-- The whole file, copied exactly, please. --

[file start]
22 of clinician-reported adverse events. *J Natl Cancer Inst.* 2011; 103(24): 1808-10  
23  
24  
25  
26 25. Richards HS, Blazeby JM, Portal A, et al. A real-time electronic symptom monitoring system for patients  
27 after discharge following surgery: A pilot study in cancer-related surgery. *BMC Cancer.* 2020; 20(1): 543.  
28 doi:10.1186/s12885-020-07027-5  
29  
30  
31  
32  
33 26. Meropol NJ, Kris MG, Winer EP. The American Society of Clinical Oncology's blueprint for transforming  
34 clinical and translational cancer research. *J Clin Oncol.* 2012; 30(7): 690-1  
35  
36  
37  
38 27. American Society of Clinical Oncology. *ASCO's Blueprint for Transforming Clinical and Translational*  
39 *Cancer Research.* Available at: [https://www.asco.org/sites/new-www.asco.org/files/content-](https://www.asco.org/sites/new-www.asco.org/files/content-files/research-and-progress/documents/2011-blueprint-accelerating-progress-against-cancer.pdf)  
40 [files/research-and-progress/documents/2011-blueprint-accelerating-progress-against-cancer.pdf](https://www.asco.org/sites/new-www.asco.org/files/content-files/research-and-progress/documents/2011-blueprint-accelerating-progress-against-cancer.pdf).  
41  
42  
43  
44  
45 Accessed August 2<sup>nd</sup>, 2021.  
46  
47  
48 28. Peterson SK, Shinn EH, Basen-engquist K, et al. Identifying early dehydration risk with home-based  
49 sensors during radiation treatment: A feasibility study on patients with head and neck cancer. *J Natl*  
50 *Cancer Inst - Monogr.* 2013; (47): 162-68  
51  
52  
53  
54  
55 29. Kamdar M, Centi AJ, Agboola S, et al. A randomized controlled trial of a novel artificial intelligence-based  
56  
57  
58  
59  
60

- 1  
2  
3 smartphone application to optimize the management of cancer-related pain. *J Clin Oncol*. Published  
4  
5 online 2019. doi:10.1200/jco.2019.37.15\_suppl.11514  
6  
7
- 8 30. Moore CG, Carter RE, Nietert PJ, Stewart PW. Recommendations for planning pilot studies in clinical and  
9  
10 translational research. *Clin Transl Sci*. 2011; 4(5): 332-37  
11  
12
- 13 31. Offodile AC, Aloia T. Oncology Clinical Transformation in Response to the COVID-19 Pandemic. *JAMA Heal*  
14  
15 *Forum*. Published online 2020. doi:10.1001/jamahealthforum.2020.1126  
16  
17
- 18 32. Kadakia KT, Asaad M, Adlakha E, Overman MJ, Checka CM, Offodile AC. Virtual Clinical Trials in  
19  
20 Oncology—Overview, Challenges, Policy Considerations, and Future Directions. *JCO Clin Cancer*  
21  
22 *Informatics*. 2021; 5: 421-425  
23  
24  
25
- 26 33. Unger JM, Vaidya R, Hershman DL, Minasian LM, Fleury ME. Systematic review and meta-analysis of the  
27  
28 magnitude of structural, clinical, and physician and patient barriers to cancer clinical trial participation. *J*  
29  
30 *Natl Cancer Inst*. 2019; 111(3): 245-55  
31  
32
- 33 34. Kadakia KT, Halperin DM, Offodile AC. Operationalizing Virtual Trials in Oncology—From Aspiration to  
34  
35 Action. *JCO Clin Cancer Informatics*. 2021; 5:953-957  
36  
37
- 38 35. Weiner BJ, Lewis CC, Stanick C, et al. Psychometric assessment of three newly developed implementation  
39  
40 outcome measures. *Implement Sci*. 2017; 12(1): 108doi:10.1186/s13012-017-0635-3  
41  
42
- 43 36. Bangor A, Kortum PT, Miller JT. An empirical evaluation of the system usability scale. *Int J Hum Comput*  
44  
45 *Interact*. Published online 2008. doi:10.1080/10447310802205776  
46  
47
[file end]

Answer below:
22 of clinician-reported adverse events. *J Natl Cancer Inst.* 2011; 103(24): 1808-10  
23  
24  
25  
26 25. Richards HS, Blazeby JM, Portal A, et al. A real-time electronic symptom monitoring system for patients  
27 after discharge following surgery: A pilot study in cancer-related surgery. *BMC Cancer.* 2020; 20(1): 543.  
28 doi:10.1186/s12885-020-07027-5  
29  
30  
31  
32  
33 26. Meropol NJ, Kris MG, Winer EP. The American Society of Clinical Oncology's blueprint for transforming  
34 clinical and translational cancer research. *J Clin Oncol.* 2012; 30(7): 690-1  
35  
36  
37  
38 27. American Society of Clinical Oncology. *ASCO's Blueprint for Transforming Clinical and Translational*  
39 *Cancer Research.* Available at: [https://www.asco.org/sites/new-www.asco.org/files/content-](https://www.asco.org/sites/new-www.asco.org/files/content-files/research-and-progress/documents/2011-blueprint-accelerating-progress-against-cancer.pdf)  
40 [files/research-and-progress/documents/2011-blueprint-accelerating-progress-against-cancer.pdf](https://www.asco.org/sites/new-www.asco.org/files/content-files/research-and-progress/documents/2011-blueprint-accelerating-progress-against-cancer.pdf).  
41  
42  
43  
44  
45 Accessed August 2<sup>nd</sup>, 2021.  
46  
47  
48 28. Peterson SK, Shinn EH, Basen-engquist K, et al. Identifying early dehydration risk with home-based  
49 sensors during radiation treatment: A feasibility study on patients with head and neck cancer. *J Natl*  
50 *Cancer Inst - Monogr.* 2013; (47): 162-68  
51  
52  
53  
54  
55 29. Kamdar M, Centi AJ, Agboola S, et al. A randomized controlled trial of a novel artificial intelligence-based  
56  
57  
58  
59  
60

- 1  
2  
3 smartphone application to optimize the management of cancer-related pain. *J Clin Oncol*. Published  
4  
5 online 2019. doi:10.1200/jco.2019.37.15\_suppl.11514  
6  
7
- 8 30. Moore CG, Carter RE, Nietert PJ, Stewart PW. Recommendations for planning pilot studies in clinical and  
9  
10 translational research. *Clin Transl Sci*. 2011; 4(5): 332-37  
11  
12
- 13 31. Offodile AC, Aloia T. Oncology Clinical Transformation in Response to the COVID-19 Pandemic. *JAMA Heal*  
14  
15 *Forum*. Published online 2020. doi:10.1001/jamahealthforum.2020.1126  
16  
17
- 18 32. Kadakia KT, Asaad M, Adlakha E, Overman MJ, Checka CM, Offodile AC. Virtual Clinical Trials in  
19  
20 Oncology—Overview, Challenges, Policy Considerations, and Future Directions. *JCO Clin Cancer*  
21  
22 *Informatics*. 2021; 5: 421-425  
23  
24  
25
- 26 33. Unger JM, Vaidya R, Hershman DL, Minasian LM, Fleury ME. Systematic review and meta-analysis of the  
27  
28 magnitude of structural, clinical, and physician and patient barriers to cancer clinical trial participation. *J*  
29  
30 *Natl Cancer Inst*. 2019; 111(3): 245-55  
31  
32
- 33 34. Kadakia KT, Halperin DM, Offodile AC. Operationalizing Virtual Trials in Oncology—From Aspiration to  
34  
35 Action. *JCO Clin Cancer Informatics*. 2021; 5:953-957  
36  
37
- 38 35. Weiner BJ, Lewis CC, Stanick C, et al. Psychometric assessment of three newly developed implementation  
39  
40 outcome measures. *Implement Sci*. 2017; 12(1): 108doi:10.1186/s13012-017-0635-3  
41  
42
- 43 36. Bangor A, Kortum PT, Miller JT. An empirical evaluation of the system usability scale. *Int J Hum Comput*  
44  
45 *Interact*. Published online 2008. doi:10.1080/10447310802205776  
46  
47